Directed by Trey Edward Shults
Starring Kelvin Harrison Jr., Taylor Russell, Alexa Demie, Sterling K. Brown, Renée Elise Goldsberry, and Lucas Hedges
Chronicling the trials of life for an affluent African-American family, headed by a domineering father (Sterling K. Brown), the son (Kelvin Harrison Jr.) he both pushes and puts on a pedestal, and the fallout from a tragic event that shatters their seemingly idyllic existence.
Waves is special. Very special. We’re talking the kind of singular vision with retina scorching shot composition that not only provide the basis for a stunning piece of storytelling, but cements It Comes At Night director Trey Edward Shults as one of the very best of the new wave of filmmakers. Go in knowing as little as possible about the numerous fracture lines that explode within this family unit, and let its colour schemes, soundtrack, and stunning performances simply wash over you.
The unique viewfinder perspective hits you from the off, as Tyler (Kelvin Harrison Jr.) and his sweetheart Alexis (Alexa Demie) share a shouty sing-a-long while driving irresponsibly on the freeway, and as they do so the camera weaves deliriously in a 360° spin, perfectly reflecting their wanton abandon. It’s just the first of many creative embellishments that provide Waves with such a unique visual DNA: the camera shudders as a door is slammed, there is a piece of lens-flare symmetry from some cop-car lights that that would have J.J. Abrams drooling, and moment in which a conflicted character is lit with strobe lighting, each beat seemingly presenting a different facade, that is truly breathtaking.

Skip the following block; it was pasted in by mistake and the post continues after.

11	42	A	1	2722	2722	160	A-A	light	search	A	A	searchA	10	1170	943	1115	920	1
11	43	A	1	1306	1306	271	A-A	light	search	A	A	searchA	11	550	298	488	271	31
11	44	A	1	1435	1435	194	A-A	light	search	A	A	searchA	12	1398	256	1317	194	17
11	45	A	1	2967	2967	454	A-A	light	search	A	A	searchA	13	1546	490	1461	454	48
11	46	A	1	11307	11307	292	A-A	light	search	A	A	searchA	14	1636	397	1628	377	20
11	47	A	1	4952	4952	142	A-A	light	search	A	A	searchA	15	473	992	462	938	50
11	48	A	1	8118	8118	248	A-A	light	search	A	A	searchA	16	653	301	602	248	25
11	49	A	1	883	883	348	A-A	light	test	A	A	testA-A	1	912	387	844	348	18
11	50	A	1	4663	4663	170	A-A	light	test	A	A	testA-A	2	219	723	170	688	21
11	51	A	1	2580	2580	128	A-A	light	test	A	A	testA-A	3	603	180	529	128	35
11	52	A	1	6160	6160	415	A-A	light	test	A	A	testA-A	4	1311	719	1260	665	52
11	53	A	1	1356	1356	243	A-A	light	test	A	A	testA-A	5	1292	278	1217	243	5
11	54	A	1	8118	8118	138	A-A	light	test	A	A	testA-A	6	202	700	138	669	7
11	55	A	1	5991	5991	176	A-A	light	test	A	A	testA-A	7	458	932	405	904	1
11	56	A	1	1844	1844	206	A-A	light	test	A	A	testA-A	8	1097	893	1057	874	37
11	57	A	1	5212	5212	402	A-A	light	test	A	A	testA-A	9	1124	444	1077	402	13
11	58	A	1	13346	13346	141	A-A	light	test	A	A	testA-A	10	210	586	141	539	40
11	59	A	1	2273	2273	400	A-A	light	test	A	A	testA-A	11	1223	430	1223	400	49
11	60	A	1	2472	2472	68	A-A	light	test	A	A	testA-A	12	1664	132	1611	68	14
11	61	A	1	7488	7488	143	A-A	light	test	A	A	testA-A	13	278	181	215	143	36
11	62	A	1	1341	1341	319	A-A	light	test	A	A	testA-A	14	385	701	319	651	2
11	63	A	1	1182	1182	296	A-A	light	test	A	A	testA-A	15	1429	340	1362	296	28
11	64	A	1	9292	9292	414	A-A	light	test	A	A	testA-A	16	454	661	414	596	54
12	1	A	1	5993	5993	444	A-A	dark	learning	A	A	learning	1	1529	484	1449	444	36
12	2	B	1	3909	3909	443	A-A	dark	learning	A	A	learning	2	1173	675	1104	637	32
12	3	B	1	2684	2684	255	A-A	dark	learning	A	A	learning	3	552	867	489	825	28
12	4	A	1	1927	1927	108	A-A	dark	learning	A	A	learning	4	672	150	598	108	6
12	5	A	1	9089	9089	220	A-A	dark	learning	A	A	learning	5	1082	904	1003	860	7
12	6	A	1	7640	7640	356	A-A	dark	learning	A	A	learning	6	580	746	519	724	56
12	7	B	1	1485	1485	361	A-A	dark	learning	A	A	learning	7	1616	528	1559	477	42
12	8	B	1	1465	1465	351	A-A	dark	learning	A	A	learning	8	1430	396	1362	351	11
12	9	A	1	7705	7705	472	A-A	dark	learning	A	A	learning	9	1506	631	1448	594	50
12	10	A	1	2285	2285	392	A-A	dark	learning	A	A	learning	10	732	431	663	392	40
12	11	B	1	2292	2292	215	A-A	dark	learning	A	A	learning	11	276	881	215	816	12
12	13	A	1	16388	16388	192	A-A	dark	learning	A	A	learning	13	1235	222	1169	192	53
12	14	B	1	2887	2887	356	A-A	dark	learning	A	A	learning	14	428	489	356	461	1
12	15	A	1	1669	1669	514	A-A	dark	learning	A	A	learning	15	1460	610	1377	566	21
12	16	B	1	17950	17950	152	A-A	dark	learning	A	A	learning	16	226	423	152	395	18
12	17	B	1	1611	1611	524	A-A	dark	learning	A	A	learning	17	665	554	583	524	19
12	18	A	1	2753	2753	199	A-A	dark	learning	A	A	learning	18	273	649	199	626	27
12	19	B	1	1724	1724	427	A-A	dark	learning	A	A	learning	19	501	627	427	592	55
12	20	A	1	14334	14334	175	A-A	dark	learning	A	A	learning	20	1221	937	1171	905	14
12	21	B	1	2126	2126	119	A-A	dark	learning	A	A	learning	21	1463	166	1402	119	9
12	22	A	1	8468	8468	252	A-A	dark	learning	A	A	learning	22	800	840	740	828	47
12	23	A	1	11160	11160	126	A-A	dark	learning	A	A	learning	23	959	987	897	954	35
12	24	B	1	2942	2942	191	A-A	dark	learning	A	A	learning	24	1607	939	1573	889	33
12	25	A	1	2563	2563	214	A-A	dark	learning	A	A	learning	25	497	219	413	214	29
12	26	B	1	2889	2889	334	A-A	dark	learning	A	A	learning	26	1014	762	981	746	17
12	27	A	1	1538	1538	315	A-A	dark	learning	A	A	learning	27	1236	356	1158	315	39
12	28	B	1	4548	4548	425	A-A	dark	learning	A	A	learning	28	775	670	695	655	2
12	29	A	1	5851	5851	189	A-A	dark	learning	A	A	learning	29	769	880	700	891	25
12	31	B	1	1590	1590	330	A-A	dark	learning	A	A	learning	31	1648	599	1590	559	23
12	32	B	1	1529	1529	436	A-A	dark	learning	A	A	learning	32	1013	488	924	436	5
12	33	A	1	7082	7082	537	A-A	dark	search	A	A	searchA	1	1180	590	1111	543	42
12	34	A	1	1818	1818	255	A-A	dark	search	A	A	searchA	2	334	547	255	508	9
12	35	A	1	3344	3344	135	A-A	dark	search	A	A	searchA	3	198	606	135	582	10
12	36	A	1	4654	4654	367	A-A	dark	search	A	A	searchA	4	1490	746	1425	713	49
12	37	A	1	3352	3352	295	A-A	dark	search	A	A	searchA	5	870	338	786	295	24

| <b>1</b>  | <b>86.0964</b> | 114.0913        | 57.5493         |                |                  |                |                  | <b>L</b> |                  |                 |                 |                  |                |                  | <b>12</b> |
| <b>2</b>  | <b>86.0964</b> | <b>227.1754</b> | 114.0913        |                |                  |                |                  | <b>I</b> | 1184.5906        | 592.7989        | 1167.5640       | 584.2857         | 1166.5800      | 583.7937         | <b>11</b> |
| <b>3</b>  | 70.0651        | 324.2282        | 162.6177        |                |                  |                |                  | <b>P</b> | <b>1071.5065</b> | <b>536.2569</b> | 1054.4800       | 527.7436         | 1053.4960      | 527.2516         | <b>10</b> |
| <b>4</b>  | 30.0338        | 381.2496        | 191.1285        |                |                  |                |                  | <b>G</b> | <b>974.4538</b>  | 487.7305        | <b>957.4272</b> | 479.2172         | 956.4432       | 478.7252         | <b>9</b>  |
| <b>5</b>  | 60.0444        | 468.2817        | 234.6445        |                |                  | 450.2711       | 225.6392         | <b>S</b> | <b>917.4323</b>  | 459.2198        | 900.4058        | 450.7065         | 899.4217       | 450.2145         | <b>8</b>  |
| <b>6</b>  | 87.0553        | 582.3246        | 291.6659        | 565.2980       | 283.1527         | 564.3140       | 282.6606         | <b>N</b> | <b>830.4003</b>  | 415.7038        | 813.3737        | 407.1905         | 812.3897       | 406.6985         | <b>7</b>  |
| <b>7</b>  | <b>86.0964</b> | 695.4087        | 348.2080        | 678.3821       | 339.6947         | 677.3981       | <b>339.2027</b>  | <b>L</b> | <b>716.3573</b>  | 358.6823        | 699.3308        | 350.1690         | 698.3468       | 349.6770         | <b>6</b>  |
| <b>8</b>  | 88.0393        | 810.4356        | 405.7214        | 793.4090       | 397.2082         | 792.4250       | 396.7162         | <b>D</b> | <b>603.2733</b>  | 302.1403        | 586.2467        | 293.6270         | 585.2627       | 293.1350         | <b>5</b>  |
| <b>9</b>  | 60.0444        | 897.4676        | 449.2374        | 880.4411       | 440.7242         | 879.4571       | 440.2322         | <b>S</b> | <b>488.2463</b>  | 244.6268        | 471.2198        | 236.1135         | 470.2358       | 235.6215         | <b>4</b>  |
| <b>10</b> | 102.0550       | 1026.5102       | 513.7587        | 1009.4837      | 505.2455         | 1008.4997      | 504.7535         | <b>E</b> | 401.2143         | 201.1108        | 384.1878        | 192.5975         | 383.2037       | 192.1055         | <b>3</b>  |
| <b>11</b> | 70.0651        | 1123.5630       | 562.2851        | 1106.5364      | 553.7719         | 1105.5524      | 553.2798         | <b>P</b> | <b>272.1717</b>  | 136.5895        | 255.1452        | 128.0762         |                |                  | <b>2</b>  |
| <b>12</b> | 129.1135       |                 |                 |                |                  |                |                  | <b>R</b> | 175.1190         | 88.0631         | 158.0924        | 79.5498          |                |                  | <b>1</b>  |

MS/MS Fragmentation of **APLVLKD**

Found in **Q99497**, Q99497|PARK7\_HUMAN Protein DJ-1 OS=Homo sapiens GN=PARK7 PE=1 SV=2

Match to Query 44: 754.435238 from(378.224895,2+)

They’re not simply parlour tricks or the folly of a young director, for all of these techniques are integral to framing the powerful narrative: a wrestling scene uses superb sound editing that’ll have you squirming in your seat, and a pivotal transition shot is seamless, switching the aspect ratio as their broken world gets smaller. It’s the kind of imagery that you’ll see when you close your eyes at night.
Just as indelible are the performances. Sterling K. Brown is a giant as the seemingly bottled-raged father. He carries the same crackling intensity that bubbles under the entire film, a frisson of buried combustibility that has everyone, including the audience, on edge. To say anything more about the evolution of his character would be to veer into spoiler territory, but suffice to say he, again much like the film, doesn’t go where you expect him to, and that’s largely thanks to Brown’s layered performance.
Carrying the emotional weight of the film are the two young leads, who because of the potentially divisive Place Beyond the Pines style story structure, both get their share of the drama. Harrison Jr. does a brilliant job of depicting a young boy struggling with forging his own identity in the face of the weight of expectation placed upon him by his father. His is very much a performance of mood, physicality, and unspoken turmoil, all of which compliments the more stylistically heavy first half. The baton is then handed to Taylor Russell (Lost in Space), who’s given the emotional heft of the film, a more grounded and realistic thread, taking the film towards an ambiguously triumphant conclusion.
Flooded with creativity, Waves is a wonderfully unique soul-stirring experience. A tough-and-tender study in grief and growth that’s buoyed by an ensemble of incredible actors.
Flickering Myth Rating – Film ★ ★ ★ ★ ★ / Movie ★ ★ ★ ★ ★
Matt Rodgers – Follow me on Twitter @mainstreammatt